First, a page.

Kriti Sharma, Sage’s 27-year-old vice-president of bots and AI, adds: ‘Users can say “spent R50 on Post-It notes at Game” to enter expenses, and ask questions like “how much money did I make last year in October?” or “who is my best customer?”. Some of the most dull, unexciting administrative functions can be the best-use cases for bots.’

The simplification or automation of those dull, unexciting everyday tasks is – ultimately – what bot technology is all about. Online payment firm PayPal confirmed as much with the launch in February of its own payment bot, which allows users on the popular team messaging platform Slack to send money between PayPal accounts without ever leaving their conversation. All you have to do is type ‘/PayPal send $10 to @Mark’, and the AI in the background makes sure the payment is made. It couldn’t be easier.

The business applications of bots and chatbots are endless, as are the cost-saving implications. After all, why would you pay an intern to answer customers’ questions when you could get a piece of code to do it instead at a fraction of the cost?

However, there are some aspects business needs to take into consideration.

‘These bots are not about replacing human beings like accountants or bookkeepers but rather about making it easier for them to get the most from technology,’ says Van Heerden.

Still, the quicker companies get moving on the chatbot journey, the more they can gain.

According to Peter Reid, executive head of Intervate, developers are making huge strides in refining natural language processing, enhancing the sophistication of artificial intelligence and creating ecosystems where specialist bots can communicate and hand over to other bots of a different specialisation.

‘As chatbot technology continues to mature, we’ll start moving into the realm of predictive algorithms – where the chatbot can start initiating the conversation with the user, based on predictions about what the users will need,’ he says.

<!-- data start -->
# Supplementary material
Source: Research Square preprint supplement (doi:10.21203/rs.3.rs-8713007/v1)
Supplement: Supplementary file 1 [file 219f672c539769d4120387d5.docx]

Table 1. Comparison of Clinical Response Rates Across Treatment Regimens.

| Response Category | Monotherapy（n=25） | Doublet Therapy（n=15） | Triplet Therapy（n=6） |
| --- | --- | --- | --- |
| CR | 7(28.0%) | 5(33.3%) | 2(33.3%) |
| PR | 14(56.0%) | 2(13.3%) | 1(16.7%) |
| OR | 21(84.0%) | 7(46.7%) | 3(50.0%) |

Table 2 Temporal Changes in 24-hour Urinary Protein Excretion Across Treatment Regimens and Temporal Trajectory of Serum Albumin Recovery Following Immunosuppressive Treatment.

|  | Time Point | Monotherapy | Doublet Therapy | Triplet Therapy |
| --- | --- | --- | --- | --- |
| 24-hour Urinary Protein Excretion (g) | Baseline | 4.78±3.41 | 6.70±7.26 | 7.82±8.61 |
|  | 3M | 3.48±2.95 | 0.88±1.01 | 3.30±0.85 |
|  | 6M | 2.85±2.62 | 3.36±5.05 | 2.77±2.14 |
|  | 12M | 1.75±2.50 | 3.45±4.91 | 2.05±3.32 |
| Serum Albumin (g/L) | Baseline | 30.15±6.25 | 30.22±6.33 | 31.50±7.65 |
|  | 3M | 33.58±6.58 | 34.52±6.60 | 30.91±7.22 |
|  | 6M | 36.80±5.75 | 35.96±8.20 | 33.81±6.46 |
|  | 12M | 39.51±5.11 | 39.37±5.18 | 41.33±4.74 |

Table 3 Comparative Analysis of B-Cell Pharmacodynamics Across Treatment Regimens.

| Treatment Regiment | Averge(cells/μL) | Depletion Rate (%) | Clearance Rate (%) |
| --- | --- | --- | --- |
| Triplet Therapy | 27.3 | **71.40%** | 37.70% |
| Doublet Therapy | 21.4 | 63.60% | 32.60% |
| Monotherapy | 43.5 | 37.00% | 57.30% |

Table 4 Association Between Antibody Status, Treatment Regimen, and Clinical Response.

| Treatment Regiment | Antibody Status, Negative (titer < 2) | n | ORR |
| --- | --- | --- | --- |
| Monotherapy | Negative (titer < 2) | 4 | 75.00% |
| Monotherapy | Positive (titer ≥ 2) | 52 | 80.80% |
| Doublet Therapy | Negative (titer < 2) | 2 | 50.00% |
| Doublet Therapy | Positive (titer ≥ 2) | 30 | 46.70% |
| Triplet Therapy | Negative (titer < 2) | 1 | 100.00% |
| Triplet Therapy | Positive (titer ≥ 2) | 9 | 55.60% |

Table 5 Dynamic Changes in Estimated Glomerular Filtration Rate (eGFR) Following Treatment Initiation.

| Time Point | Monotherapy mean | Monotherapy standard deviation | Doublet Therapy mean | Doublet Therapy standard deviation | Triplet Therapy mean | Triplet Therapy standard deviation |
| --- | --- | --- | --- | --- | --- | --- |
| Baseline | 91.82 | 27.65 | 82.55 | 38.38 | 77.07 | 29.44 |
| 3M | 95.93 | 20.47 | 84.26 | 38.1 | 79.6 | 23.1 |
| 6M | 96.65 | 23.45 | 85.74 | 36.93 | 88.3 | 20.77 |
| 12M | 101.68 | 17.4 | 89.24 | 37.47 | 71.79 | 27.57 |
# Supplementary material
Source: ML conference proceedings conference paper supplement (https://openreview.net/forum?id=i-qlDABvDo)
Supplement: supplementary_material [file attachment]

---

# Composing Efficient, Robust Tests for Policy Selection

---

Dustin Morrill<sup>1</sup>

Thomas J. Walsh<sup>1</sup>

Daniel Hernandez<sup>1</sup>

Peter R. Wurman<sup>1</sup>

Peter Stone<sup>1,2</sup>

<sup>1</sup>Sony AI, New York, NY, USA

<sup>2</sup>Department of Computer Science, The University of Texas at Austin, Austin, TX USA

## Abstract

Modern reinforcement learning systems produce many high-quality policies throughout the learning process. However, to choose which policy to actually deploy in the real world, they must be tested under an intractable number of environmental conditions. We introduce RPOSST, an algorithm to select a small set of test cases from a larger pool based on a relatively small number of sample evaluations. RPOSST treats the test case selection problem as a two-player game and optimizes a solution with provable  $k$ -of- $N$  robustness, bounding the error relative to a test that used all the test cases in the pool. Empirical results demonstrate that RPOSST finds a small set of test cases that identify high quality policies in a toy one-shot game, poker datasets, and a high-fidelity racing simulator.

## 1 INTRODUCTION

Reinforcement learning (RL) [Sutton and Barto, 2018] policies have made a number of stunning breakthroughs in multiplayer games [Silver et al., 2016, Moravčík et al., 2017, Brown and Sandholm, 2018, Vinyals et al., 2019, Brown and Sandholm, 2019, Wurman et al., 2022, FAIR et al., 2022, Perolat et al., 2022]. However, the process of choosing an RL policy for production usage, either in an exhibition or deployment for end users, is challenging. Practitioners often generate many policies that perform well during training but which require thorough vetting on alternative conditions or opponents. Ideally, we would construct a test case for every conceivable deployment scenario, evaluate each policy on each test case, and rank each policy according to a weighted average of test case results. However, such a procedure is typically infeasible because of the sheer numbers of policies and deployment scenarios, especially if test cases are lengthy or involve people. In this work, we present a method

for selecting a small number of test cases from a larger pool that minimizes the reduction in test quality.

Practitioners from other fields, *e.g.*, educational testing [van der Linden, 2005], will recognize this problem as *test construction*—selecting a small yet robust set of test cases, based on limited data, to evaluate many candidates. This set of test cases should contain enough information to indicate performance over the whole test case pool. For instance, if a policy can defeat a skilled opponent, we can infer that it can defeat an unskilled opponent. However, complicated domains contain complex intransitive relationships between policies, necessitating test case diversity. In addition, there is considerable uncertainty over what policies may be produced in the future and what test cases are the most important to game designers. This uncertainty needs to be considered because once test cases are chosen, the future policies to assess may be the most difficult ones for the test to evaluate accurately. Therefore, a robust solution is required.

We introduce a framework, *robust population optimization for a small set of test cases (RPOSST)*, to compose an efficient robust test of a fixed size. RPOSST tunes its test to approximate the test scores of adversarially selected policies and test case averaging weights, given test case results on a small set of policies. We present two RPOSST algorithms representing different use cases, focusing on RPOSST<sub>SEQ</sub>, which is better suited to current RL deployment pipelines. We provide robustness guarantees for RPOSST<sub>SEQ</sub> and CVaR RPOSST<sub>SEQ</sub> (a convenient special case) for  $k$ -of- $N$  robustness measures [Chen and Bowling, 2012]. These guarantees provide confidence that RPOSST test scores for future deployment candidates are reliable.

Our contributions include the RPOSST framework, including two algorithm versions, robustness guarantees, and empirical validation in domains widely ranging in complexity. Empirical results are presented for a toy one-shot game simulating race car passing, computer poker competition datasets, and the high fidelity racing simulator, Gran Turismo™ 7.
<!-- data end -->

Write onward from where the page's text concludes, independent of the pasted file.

‘This has the potential to dramatically enhance customer service and satisfaction levels. In time, your chatbot will be able to synthesise and crowdsource information from a vast number of information services, to provide the best possible engagement with users.’

Venturebeat estimates that more than 30 000 branded chatbots hit the global market last year and, according to Gartner, 85% of customer interactions will be managed without a human by the year 2020. For Gartner, though, this is neither a story about HR nor customer relations.

‘Fundamentally, this is a story about data,’ Gartner vice-president Steve Prentice told the 2016 Gartner Symposium/ITxpo in Barcelona. ‘It’s about unimaginable amounts of data, and it’s about how that data will help you transform your organisation. Digital business is not the endgame. Digital business is just one stage on a journey – beyond that we have something that we call algorithmic business.’ He went on to list what he calls the ‘ABC’ of disruptive technologies that will transform the user experience: algorithms and AI, bots and chatbots.

‘Fuelled by data, analytics and AI, algorithmic business will continue to grow and disrupt your business,’ said Prentice. ‘This growth is unabated, as algorithms are feasting on the wealth of data that grows inexorably.’

Big data and complex algorithms may seem the province of IT firms but, as Vogelberg warns, ‘every business will need to start thinking of itself as a tech business. To stay competitive, they will need to grasp the opportunities that this development brings with it and change almost every aspect of today’s more or less traditional ways of working’.

He argues that a big part of the business case for bots is based on the fact that they do the small things – those ‘dull, unexciting’ functions – really well. Soon, business admin could become completely invisible (as easy, he adds, ‘as messaging a friend’) or even totally automated.

This, says Vogelberg, ‘will empower entrepreneurs to stay focused on building their businesses, driving growth in the economy and contributing to their communities – not basic admin’.

By Mark van Dijk
Image: Andreas Eiselen/HMimages